Spy

There is a convenience macro spy which you can use to have a quick look at a value. It outputs the form, the value, and returns the value so you can simply wrap any expression you want to see the value. Spy expressions are logged at the :debug level.

(let [x (spy (+ 1 1))
      y (spy (+ x x))]
  (+ x y))
;;=> 6
[my.ns] {:spy (+ 1 1) :=> 2}
[my.ns] {:spy (+ x x) :=> 4}

Special keys

Two keywords have a special meaning in logging calls.

  • :exception use this if you want to log an exception, this will make sure you get a proper stacktrace in the browser console
  • :lambdaisland.glogi/logger name of the logger to use, defaults to (str *ns*)

Controlling colorization

When using lambdaisland.glogi.console/install! it will try to detect what the best logging strategy is for your environment.

  • if cljs-devtools is detected then it will log ClojureScript objects directly
  • if it detects a browser that is not pre-chromium IE/Edge, then it will use console.log "%c" CSS-based colorization
  • all other cases it logs plain text

This behaviour can be changed by setting lambdaisland.glogi.console.colorize in :closure-defines in your compiler options.

  • "auto" the autodetect behavior described above (default)
  • "raw" always log ClojureScript objects directly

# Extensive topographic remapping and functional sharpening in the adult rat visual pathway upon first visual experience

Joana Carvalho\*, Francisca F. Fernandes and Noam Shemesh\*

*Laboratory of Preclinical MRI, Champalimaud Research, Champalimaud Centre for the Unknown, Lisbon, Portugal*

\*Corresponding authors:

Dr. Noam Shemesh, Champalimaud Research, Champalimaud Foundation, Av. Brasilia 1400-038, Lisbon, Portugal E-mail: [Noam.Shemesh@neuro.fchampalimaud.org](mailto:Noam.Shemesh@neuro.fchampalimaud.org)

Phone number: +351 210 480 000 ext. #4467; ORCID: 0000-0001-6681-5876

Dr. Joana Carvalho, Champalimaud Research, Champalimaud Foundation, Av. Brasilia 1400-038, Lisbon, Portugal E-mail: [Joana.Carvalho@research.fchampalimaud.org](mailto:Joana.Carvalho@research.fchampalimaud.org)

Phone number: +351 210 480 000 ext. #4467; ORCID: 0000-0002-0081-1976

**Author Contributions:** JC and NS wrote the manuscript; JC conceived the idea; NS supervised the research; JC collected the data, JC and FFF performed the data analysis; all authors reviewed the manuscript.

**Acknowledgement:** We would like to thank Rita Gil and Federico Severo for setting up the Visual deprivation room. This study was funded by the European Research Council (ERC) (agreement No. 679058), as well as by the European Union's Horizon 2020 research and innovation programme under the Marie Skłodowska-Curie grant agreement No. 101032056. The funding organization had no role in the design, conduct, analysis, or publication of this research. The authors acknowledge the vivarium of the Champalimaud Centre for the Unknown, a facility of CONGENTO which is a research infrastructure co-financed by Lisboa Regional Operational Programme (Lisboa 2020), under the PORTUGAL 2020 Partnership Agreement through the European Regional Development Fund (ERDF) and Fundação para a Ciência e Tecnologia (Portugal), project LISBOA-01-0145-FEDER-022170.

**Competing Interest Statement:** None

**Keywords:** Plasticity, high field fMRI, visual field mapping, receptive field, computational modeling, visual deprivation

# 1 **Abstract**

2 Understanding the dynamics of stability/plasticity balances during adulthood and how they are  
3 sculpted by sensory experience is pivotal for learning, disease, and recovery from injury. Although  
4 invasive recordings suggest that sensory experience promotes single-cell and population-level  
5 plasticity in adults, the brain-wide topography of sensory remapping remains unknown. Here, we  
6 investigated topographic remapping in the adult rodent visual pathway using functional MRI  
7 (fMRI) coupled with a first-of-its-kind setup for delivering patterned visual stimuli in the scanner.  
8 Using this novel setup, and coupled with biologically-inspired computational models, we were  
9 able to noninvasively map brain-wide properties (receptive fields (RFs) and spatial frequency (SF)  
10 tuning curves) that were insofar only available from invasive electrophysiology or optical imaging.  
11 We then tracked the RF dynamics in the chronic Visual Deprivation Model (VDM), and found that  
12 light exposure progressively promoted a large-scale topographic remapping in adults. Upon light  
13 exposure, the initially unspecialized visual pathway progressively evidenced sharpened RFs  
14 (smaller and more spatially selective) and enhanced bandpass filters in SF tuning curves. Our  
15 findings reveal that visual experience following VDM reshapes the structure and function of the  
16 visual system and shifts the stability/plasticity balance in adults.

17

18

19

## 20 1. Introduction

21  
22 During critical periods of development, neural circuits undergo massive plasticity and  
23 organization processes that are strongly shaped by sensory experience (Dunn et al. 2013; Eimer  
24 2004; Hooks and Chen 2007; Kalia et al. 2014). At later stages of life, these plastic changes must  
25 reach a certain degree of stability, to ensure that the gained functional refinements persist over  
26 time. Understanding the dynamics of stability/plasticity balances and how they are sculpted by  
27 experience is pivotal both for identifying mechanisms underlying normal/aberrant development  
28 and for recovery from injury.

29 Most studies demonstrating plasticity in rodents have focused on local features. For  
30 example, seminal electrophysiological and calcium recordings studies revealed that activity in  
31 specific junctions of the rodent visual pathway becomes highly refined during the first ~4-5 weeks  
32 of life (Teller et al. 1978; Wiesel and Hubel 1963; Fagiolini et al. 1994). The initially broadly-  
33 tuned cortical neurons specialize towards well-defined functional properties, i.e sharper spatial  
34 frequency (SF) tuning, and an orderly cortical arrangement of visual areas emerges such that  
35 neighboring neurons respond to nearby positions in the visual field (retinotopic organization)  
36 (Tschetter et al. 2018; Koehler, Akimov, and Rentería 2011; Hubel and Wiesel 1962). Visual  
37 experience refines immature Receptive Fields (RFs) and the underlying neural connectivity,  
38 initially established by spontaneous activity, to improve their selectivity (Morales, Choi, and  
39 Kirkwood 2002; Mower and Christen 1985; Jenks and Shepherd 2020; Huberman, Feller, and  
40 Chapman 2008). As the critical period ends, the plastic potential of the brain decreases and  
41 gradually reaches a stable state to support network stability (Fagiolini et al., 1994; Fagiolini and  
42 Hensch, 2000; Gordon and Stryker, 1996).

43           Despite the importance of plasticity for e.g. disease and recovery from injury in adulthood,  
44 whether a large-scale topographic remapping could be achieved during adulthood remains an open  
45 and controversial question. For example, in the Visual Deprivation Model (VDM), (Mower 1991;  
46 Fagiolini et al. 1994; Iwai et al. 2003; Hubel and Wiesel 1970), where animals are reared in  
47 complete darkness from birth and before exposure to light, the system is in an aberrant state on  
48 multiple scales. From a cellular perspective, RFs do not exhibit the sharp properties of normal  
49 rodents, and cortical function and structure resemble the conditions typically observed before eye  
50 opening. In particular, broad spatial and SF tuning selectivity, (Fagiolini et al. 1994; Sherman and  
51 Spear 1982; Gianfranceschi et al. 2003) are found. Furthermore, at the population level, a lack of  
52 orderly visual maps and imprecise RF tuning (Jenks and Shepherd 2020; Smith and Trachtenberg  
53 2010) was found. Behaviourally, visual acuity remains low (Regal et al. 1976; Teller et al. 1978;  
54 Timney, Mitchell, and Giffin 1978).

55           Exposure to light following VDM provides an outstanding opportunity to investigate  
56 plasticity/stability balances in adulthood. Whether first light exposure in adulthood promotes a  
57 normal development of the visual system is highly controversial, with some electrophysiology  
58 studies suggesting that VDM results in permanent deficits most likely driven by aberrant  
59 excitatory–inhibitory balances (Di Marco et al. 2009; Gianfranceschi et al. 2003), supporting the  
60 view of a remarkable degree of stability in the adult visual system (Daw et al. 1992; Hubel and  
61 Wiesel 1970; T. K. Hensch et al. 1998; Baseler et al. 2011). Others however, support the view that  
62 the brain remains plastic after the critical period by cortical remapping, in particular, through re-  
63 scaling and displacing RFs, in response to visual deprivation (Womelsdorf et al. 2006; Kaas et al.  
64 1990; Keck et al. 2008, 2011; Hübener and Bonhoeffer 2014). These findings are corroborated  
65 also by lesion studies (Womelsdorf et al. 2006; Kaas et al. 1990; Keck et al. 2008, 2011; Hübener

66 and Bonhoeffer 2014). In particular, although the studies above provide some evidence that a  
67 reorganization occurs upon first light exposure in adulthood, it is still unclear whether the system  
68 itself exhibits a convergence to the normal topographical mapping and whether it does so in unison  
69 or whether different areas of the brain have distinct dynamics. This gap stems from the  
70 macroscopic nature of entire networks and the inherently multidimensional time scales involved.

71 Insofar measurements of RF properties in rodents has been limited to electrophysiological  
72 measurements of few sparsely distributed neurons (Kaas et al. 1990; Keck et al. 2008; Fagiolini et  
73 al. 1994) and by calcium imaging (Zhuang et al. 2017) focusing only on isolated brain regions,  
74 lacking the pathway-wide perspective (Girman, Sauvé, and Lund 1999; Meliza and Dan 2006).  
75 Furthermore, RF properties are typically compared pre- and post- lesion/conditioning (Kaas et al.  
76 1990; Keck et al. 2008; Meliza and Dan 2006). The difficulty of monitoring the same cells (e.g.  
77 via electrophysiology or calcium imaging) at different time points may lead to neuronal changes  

• "true" format using CSS
  • "false" format as plain text

Logging in production

Production builds typically have goog.DEBUG set to false. This strips out some development checks, it also strips out logging. If you still want to see logs on production then add this to your ClojureScript compiler options:

:closure-defines {goog.DEBUG false
                  goog.debug.LOGGING_ENABLED true}

Use with Pedestal

The lambdaisland.glogc namespace provides a cross-platform (cljc) API, which uses Glogi on ClojureScript, and io.pedestal.log on Clojure. This way it's easy to do logging from cljc code, or just to have a consistent logging setup without having to wonder what kind of file you are in.

Note that the pedestal.log dependency is "BYO" (bring your own), you need to add it explicitly to your dependencies.

(ns my.ns
  (:require [lambdaisland.glogc :as log))

(log/debug :foo :bar)